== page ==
The 7 reports in this bunch are from companies in the agriculture, textiles and construction sectors:

Alsico Group: Alsico is a third-generation run workwear clothing company founded in 1934. Currently it employees around 4,000 people and has a turnover of around Euro 170 million. This is a 37 page report covering 14 performance indicators.

Berry Alloc: Berry Alloc is a floor and wall covering company making laminates, parquets, vinyl planks and wall panels. The company is part of the Beaulieu International Group and has around 134 employees with plants in 3 countries. This is a 46 page report covering 18 performance indicators.

Fruitbedrijf Cocquyt: This is a fourth-generation run family-owned fruit producng firm founded in the 1920s, specializing in apples, pears and cherries. Thee are 10 permanent employees, supplemented by up to 70 seasonal workers. This is a 6 page report covering 17 performance indicators.

Decospan: Decospan  a wood veneer processing company with 122 employees, family owned, founded in 1978. The company is headquartered in Belgium and has subsidiaries in 8 countries in Europe. This is a 51 page report covering 23 performance indicators and a little more substantial in terms of scope and narrative that the others in this bunch.

Elanco:  Elanco is a family firm of around 70 employees founded in 1948. The company makes work clothing, specializing in uniform shirts and blouses. This is a 6 page report covering 16 performance indicators.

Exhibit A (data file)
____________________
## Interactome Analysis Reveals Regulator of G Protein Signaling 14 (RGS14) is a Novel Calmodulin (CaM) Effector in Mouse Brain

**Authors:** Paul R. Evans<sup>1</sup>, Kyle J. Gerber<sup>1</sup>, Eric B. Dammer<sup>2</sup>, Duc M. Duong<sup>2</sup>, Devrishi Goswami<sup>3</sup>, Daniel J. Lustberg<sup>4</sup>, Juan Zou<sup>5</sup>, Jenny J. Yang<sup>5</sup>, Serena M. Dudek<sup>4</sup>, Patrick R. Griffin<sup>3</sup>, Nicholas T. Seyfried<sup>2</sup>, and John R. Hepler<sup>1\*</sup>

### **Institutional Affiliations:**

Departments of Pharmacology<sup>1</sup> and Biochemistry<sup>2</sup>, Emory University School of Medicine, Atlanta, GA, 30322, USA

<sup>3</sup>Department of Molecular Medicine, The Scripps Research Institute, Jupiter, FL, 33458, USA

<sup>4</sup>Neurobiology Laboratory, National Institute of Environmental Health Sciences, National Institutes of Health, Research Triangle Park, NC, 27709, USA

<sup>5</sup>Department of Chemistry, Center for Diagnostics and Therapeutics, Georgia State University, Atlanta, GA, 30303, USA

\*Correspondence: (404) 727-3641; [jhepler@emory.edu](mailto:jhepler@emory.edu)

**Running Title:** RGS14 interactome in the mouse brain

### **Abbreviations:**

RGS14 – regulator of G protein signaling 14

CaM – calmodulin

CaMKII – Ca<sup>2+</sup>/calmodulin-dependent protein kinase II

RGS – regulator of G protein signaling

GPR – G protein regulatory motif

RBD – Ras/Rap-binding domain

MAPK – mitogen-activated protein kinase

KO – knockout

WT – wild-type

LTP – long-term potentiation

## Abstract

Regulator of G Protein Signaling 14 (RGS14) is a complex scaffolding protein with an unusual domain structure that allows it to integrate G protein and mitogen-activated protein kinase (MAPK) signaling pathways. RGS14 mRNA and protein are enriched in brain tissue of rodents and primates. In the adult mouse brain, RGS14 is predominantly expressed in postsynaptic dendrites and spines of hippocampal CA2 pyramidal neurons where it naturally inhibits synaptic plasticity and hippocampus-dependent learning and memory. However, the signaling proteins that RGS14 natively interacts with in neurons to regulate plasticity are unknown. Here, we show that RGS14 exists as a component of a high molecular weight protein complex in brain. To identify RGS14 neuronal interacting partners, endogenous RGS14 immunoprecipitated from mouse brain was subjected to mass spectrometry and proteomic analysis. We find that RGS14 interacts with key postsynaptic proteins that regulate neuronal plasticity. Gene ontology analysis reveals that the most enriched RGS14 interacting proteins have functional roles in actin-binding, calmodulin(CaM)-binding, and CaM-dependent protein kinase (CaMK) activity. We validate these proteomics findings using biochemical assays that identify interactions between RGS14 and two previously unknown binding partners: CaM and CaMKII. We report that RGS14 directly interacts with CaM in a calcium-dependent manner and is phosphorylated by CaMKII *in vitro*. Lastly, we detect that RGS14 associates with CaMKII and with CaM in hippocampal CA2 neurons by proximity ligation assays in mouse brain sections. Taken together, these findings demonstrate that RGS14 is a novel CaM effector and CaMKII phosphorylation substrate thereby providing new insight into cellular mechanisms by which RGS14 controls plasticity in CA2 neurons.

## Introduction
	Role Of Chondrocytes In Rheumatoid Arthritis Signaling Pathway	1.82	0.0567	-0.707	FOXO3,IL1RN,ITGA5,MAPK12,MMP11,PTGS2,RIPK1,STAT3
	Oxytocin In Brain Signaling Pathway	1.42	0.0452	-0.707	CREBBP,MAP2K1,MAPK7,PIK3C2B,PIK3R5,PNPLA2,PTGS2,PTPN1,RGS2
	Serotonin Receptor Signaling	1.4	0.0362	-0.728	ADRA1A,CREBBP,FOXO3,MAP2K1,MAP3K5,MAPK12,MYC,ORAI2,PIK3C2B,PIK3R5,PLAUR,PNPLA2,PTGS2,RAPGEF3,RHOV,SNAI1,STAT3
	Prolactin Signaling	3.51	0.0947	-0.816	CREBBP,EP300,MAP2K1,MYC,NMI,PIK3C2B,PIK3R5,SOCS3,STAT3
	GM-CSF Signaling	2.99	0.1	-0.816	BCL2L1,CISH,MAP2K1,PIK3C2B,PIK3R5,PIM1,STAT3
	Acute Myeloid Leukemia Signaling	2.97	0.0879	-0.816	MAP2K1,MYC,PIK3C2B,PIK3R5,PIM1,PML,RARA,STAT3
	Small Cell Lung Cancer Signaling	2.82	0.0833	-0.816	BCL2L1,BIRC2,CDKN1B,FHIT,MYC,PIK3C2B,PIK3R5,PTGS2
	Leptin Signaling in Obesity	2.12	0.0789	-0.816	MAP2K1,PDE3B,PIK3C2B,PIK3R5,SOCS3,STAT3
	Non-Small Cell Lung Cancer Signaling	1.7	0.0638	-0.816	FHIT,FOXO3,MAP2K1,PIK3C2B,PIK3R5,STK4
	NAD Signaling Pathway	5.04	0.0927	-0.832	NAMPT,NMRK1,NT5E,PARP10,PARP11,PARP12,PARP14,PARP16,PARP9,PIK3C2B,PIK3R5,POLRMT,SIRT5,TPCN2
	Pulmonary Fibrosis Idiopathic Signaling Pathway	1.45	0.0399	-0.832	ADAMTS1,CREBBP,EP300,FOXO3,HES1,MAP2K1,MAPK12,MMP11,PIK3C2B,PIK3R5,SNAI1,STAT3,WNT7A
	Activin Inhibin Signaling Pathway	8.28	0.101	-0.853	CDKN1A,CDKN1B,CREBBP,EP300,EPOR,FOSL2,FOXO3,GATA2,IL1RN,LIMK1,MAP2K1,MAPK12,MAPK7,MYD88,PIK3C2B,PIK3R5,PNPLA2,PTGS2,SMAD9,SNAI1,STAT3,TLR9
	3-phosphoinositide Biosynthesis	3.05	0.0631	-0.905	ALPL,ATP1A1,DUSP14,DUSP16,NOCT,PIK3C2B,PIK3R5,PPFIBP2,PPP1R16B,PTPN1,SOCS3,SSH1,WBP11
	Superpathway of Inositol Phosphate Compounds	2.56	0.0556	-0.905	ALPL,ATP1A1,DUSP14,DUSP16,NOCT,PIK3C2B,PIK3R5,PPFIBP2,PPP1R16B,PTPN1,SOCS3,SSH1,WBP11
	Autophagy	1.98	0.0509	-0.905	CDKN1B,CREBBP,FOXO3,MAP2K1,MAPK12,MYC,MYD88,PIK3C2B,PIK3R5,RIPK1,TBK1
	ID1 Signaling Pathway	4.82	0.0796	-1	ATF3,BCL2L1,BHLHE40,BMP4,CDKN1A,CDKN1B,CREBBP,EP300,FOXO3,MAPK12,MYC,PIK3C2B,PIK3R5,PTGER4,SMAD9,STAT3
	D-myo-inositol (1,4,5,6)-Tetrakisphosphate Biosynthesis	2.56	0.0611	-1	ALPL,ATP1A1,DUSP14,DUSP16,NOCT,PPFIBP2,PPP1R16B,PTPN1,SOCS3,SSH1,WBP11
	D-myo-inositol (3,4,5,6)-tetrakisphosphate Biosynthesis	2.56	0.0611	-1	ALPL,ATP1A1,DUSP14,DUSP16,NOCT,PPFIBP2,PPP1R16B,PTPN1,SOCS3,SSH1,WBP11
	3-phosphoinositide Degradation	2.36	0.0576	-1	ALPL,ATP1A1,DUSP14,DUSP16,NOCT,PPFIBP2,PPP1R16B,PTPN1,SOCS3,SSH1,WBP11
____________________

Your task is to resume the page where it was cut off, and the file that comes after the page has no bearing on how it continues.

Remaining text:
TomatoMasters: This is a tomato grower, the third largest in Flanders, privately owned, founded in 2012 based on a tradition of tomato growing since 1981.  Tomato Masters has 30 employees, supplemented by seasonal workers. This is a 23 page report covering 21 performance indicators.

Van Heurck NV: A private company, manufacturer of protective workwear, founded in 1920, witha 2013 turnover of Ruro 4 million, and 307 employees (of which 91% are women). This is a 14 page report covering 25 performance indicators.

While these reports are all commendable, and possibly a good way to jump-start a reporting process, the proof of their value will be in the second reports of these companies, and potentially a visible shift in approach and integration of sustainability themes into these businesses. At this point, it looks like we have reports, but not transformation. However, so far, an impressive initiative.